Use an authenticode signature to sign a PowerShell script or other file.

      Set-AuthenticodeSignature [-filePath] string[]
           [-certificate] X509Certificate2  [-includeChain string]
              [-timeStampServer string] [-HashAlgorithm string]
                 [-force] [-whatIf] [-confirm] [CommonParameters]
   -FilePath path
      The path to a file that is being signed. {may be piped}

   -Certificate X509Certificate2
       The certificate that will be used to sign the script/file.
       (use an expression or variable that gets the certificate via 
       Get-PfxCertificate or Get-ChildItem)

   -includeChain string
       What should be included in the digital signature: 
        "Signer" : Include only the signer's certificate.
        "NotRoot": Include all of the certificates in the certificate chain,
                   except for the root authority. (this is the default)
        "All"    : Include all certificates in the certificate chain.

   -TimeStampServer string
       Use a timestamp server to certify the time that the certificate
       was added to the file. string = the URL of the timestamp server.

       Override restrictions that prevent the command from succeeding, apart
       from security settings. e.g. -force will append a signature to a read-only file,
       but will not override security permissions.

   -HashAlgorithm string
       The hashing algorithm that Windows uses to compute the digital signature for the file.
       The default is SHA1, which is the Windows default hashing algorithm.

Files that are signed with a different hashing algorithm might not be recognized on other systems. -WhatIf Describe what would happen if you executed the command without actually executing the command. -Confirm Prompt for confirmation before executing the command. CommonParameters: -Verbose, -Debug, -ErrorAction, -ErrorVariable, -WarningAction, -WarningVariable, -OutBuffer -OutVariable.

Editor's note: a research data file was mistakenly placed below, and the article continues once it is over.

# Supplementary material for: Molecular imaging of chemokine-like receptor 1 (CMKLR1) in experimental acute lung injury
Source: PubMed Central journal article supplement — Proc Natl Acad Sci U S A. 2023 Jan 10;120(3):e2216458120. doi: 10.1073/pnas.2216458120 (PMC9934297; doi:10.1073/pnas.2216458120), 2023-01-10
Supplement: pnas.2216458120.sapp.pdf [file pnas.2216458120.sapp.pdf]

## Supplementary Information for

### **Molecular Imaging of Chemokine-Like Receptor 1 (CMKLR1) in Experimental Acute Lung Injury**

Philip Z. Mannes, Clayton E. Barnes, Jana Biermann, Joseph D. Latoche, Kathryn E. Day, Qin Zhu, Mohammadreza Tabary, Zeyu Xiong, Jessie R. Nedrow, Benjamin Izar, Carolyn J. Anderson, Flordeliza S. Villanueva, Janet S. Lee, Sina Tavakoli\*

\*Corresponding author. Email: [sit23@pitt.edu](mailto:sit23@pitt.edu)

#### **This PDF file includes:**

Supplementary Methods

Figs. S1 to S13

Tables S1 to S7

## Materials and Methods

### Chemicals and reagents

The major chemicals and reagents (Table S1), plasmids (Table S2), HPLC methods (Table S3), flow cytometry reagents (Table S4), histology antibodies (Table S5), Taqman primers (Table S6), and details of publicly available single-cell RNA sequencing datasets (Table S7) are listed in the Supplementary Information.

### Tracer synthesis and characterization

If the certificate is not valid or does not have code-signing authority, the command will fail.

To create a self-signed certificate, use MakeCert.exe, (available in the Microsoft .NET Framework SDK) for details see: Get-Help about_signing


Retrieve a code-signing certificate from the certificate provider and use it to sign a PowerShell script:

PS C:\>$cert=Get-ChildItem -FilePath cert:\CurrentUser\my -CodeSigningCert
PS C:\>Set-AuthenticodeSignature PsTest.ps1 -cert $cert

Find a code signing certificate and use it to sign a PowerShell script:

PS C:\>$cert = Get-PfxCertificate C:\Test\Mysign.pfx
PS C:\>Set-AuthenticodeSignature -Filepath C:\myscript.ps1 -Cert $cert

Add a digital signature signed by a third-party timestamp server:

PS C:\>Set-AuthenticodeSignature -filepath c:\myscript.ps1 -cert $cert -TimeStampServer ""

#I'll send you all my dreams, Every day in a letter, Sealed with a kiss# ~ Brian Hyland


Get-AuthenticodeSignature - Get the signature object associated with a file
Get-ExecutionPolicy - Get the execution policy for the shell
- Change the execution policy (user preference)
Get-Pfxcertificate - Get pfx certificate information
Get-Help about_signing
Equivalent bash command: OpenSSL - Open Secure Sockets Layer

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